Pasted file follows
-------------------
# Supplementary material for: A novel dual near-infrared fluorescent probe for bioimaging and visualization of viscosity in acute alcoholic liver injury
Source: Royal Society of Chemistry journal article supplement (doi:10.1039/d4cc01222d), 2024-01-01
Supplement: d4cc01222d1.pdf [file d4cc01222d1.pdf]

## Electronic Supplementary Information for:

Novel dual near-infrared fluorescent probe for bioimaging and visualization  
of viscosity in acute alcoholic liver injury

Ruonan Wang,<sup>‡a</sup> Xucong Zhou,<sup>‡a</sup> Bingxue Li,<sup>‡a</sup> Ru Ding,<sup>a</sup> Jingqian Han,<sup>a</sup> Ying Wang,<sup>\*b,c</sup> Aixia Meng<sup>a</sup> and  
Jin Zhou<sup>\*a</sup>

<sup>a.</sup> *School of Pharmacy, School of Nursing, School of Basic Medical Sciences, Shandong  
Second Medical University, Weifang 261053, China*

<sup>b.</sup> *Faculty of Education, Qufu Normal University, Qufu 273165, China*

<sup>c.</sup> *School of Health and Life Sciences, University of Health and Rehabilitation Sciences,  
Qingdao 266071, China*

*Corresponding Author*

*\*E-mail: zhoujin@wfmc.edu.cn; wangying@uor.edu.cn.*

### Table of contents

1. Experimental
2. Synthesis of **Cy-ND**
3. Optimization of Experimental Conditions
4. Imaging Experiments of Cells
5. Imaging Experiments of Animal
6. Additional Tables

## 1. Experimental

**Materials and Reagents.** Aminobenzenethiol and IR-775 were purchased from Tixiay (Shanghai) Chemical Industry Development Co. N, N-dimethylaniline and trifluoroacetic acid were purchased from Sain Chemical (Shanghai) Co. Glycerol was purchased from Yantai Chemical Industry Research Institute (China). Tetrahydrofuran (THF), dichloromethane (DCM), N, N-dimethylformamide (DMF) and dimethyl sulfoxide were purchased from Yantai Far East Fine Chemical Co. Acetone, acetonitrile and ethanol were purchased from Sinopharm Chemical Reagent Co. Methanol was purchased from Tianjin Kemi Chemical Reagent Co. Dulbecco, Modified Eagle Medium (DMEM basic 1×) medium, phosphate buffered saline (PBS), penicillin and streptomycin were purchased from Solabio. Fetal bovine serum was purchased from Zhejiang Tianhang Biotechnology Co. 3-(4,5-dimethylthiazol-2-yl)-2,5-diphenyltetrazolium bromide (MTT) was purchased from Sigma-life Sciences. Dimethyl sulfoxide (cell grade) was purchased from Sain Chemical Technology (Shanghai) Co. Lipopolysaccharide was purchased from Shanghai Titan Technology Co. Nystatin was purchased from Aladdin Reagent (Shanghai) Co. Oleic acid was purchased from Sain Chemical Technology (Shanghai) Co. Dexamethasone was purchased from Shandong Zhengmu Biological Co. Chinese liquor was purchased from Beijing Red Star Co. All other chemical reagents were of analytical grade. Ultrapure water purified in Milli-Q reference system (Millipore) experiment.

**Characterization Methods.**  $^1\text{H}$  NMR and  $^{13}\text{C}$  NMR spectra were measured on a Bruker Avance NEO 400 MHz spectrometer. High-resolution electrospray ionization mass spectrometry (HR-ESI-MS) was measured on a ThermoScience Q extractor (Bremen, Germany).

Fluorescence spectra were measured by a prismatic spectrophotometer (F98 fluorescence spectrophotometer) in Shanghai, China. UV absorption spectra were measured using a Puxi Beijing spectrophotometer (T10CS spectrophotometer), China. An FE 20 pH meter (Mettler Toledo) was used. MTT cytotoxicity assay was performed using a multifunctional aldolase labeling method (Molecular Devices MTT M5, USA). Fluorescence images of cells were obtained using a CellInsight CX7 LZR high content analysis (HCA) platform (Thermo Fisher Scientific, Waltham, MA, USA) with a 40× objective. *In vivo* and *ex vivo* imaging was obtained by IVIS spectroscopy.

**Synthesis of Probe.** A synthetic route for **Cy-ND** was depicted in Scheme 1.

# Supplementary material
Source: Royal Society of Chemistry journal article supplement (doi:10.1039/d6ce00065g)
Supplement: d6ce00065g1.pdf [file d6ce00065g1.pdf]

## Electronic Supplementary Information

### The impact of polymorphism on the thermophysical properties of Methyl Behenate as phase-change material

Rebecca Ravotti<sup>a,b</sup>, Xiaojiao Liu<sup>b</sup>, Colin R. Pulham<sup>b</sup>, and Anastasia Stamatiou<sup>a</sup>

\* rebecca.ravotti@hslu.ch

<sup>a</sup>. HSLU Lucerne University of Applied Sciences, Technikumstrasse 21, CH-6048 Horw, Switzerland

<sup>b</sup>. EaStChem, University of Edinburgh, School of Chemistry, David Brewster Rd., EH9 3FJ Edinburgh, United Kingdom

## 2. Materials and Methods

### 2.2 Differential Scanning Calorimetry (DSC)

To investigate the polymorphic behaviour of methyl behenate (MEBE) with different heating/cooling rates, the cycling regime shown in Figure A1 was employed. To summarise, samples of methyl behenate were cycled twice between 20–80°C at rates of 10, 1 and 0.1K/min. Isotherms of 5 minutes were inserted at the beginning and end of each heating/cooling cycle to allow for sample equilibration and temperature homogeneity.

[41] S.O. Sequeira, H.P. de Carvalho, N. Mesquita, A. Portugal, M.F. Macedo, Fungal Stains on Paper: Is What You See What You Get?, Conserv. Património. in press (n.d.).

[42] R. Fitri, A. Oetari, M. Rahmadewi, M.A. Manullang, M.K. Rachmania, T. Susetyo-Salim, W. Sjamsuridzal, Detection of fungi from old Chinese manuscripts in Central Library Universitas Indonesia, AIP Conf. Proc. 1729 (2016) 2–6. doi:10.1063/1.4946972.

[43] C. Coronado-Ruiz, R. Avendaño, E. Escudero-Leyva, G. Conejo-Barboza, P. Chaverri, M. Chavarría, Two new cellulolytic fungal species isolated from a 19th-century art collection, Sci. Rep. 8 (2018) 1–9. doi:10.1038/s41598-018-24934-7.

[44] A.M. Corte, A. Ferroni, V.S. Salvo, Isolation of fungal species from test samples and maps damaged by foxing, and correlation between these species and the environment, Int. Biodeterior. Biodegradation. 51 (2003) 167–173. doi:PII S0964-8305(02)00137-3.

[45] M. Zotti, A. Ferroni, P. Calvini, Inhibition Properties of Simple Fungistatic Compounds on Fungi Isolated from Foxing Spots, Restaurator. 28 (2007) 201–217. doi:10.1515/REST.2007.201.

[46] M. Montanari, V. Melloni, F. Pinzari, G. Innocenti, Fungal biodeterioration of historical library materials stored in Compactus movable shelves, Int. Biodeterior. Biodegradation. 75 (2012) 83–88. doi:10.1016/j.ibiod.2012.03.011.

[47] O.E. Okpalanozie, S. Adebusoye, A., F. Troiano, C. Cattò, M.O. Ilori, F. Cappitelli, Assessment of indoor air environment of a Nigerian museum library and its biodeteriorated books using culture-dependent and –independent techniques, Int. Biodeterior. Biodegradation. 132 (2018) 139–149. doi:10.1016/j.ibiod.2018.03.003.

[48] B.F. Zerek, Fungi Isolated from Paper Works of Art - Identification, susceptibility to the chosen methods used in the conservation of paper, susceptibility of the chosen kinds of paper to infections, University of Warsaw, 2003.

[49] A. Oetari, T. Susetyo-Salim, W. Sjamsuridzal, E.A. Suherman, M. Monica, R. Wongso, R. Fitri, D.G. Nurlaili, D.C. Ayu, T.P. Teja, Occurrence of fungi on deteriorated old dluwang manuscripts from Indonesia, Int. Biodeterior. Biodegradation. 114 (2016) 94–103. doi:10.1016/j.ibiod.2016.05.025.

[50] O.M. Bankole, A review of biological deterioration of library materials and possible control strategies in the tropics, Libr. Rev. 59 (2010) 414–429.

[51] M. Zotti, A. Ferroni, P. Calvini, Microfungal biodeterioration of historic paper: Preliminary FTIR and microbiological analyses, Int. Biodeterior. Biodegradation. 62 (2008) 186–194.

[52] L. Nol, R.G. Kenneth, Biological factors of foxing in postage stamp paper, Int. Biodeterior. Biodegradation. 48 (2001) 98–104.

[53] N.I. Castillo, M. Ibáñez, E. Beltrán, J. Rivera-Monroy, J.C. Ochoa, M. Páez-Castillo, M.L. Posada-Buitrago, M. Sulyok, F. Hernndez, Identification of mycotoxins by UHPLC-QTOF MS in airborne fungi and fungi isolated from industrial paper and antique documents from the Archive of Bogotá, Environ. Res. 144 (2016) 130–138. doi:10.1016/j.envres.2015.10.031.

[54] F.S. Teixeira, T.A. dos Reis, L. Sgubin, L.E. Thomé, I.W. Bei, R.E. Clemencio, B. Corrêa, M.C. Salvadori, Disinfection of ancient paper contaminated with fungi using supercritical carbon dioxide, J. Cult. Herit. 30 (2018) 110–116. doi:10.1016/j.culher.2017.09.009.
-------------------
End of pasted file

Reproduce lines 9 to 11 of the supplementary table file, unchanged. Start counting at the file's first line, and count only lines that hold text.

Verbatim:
<sup>a.</sup> *School of Pharmacy, School of Nursing, School of Basic Medical Sciences, Shandong  
Second Medical University, Weifang 261053, China*

<sup>b.</sup> *Faculty of Education, Qufu Normal University, Qufu 273165, China*